Wonder Woman and the Lack of Modern Day Heroines

If you are like me, you grew up watching boys having all the fun with their superhero action figures and you were handed a Barbie doll clad in pink. It wasn't until the Wonder Woman series starring Lynda Carter and Star Wars featuring Princess Leia portrayed by Carrie Fisher both debuted in the mid and late 70’s that we little girls had any strong female role models to look up to.

Since then, female heroines have continued to be surprisingly lacking in the mainstream as compared to the amount that boys have been given. While we may have had She-Ra, Princess of Power (He Man’s twin sister) in the 80’s and Xena, Warrior Princess in the 90’s, most of our role models have been less than adventurous. Strawberry Shortcake and Smurfette hardly conjured images of strong-willed females, rather they reeked of the outnumbered and often overlooked female in a male-dominated society.

Another troubling fact is that traditionally, female heroes (particularly those depicted in comic books and graphic novels) seem to always be lacking in the clothing department, but seemingly well-blessed in their bustiness and curves. This is yet one more overt sexual objectification of women and so contributes to a life of self-image issues for young girls the world over.

And so, it was with great glee that many of us celebrated the small cameo appearance Wonder Woman was afforded in 2016's Batman vs. Superman (sadly, a mediocre movie at best). But when rumours started to fly about a film of her own, Wonder Woman once again sprang to the forefront of many a now adult woman’s attention. For literally decades we have been watching as female heroines have been relegated to supporting roles of the male hero. And to be frank, it’s been an obnoxious wait.

Although female role models for little girls today are still a sparse lot to choose from, there has been progress made as more of them have been presented through movies such as The Hunger Games Trilogy, and the latest Star Wars instalments, The Force Awakens and Rogue One. And for little girls who don’t know about the original Wonder Woman TV series, the upcoming Wonder Woman movie represents another notch in the belt of their too-young-to-understand liberation – the one three waves of feminism throughout history have suffered through and fought to secure.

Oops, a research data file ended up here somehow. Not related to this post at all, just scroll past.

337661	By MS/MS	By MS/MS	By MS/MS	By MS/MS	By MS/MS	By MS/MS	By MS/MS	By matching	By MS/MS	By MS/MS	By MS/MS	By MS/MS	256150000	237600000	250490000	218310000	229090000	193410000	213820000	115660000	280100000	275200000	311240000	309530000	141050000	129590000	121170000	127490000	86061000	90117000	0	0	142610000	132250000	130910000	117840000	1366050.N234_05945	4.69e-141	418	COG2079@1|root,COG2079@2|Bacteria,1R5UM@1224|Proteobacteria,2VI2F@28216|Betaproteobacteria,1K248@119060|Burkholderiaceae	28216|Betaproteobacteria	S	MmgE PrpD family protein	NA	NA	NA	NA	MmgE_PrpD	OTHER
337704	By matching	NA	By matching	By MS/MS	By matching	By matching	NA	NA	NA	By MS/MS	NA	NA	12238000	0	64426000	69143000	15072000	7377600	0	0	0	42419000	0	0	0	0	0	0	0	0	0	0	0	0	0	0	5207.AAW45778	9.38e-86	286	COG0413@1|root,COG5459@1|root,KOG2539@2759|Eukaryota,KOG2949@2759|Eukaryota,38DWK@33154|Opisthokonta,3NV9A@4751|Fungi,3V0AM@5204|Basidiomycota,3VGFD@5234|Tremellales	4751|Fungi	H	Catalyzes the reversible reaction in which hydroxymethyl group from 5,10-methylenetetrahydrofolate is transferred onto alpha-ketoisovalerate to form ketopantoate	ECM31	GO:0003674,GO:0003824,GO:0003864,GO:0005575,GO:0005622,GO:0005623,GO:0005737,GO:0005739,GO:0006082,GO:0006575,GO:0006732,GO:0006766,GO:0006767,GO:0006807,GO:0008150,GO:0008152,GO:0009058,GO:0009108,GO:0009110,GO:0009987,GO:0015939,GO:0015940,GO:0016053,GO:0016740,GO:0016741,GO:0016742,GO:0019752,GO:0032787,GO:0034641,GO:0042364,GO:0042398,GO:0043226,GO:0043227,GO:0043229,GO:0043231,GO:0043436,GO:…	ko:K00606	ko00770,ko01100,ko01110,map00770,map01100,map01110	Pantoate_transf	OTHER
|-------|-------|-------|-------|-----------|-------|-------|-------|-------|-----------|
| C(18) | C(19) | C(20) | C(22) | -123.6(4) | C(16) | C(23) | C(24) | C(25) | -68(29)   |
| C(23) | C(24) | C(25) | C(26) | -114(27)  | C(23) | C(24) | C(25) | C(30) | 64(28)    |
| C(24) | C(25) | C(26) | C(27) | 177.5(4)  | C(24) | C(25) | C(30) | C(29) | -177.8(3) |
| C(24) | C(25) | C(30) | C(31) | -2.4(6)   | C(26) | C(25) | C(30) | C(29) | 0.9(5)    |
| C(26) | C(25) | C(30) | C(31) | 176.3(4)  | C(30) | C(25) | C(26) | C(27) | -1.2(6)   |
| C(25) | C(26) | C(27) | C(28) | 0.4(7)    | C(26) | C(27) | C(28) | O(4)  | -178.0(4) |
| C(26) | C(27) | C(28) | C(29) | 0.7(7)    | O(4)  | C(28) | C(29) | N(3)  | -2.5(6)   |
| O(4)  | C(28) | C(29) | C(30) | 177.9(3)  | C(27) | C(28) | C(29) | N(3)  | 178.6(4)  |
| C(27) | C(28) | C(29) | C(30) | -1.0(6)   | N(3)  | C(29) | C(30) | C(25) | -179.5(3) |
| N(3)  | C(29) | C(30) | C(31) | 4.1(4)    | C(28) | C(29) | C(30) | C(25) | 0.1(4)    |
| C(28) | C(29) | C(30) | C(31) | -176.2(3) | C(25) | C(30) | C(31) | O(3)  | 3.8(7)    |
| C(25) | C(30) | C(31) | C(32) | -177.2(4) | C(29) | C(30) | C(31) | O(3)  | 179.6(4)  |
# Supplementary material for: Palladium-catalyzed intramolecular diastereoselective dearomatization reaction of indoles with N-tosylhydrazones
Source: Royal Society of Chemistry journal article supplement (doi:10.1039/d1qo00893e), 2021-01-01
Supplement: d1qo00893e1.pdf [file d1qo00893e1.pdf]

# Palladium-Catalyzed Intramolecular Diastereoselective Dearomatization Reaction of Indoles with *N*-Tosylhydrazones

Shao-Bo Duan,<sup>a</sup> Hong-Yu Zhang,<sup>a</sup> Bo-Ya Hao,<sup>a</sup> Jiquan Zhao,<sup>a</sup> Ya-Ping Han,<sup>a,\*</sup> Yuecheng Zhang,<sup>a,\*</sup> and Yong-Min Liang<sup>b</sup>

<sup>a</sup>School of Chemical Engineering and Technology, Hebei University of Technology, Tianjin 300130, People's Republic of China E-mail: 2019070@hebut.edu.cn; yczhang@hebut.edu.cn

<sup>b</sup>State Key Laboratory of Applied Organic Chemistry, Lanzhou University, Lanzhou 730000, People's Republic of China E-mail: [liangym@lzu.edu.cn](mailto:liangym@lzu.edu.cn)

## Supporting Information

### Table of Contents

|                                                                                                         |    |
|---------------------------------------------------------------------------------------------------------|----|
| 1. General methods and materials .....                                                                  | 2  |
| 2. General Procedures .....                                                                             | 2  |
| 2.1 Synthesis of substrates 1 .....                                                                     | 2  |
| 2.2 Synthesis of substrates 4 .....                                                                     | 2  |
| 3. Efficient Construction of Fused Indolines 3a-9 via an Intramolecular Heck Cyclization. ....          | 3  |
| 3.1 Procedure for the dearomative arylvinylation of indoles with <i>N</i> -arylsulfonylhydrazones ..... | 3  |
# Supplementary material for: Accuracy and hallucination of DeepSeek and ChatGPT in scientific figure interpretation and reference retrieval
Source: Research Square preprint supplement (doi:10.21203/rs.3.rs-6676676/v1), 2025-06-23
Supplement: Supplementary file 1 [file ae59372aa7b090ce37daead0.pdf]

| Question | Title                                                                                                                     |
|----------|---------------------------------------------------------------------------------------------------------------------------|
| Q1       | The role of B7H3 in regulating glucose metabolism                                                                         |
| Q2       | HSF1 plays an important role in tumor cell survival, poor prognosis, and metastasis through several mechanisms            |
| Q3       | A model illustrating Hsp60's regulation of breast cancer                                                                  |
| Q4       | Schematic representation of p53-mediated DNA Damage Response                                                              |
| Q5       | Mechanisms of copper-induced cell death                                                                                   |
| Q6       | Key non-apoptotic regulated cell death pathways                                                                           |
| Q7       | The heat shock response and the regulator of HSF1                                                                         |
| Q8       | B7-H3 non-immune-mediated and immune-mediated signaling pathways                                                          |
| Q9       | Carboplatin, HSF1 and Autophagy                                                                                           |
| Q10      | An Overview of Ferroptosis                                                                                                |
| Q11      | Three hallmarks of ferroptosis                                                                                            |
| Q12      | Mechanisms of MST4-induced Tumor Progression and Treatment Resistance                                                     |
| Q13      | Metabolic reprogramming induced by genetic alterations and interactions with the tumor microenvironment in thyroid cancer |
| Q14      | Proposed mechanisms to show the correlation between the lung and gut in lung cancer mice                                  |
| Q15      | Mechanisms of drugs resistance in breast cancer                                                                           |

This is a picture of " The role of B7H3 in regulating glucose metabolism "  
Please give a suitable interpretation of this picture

And that’s what DC Comics and Warner Brother Studios got right with the new Wonder Woman movie. They gave us an empowered woman, one that comes from a long line of other empowered women. In fact, Wonder Woman (aka Diana Prince), is Princess Diana of the island Themyscira, an Amazonian land where there are no men. Instead, these strong women are entirely self-sufficient, having had life blown into them by the Greek gods and goddesses (according to the 1942 origin backstory). They are cooperative and peaceful, yet have been trained as warriors to protect themselves from outsiders.

In February of 1987, after several revamps of Wonder Woman’s life story to reflect actual real-world events, Wonder Woman was charged with the task of bringing peace to “Patriarch's World,” in Wonder Woman vol. 2, #1. This comic was released after the “Crisis on Infinite Earths” series and is significant in that it is basically portrayed the anti-patriarchy: a woman being sent to save the man’s world which has been thrown into chaos by, well, men.


Now, there are not many little girls that are going to go back and research the backstory of Wonder Woman. But they don’t necessarily need to because they will get enough of Princess Diana’s history in the new movie to know that Wonder Woman uses her mind and morals, to wield her sword and shield in righting the wrongs caused by men. She does not need help from anyone, especially not from a man, but draws upon her own inner strength. She is the fictional big-screen embodiment of the potential every little girl carries within her, and what every woman can be – minus the bullet deflecting bracelets.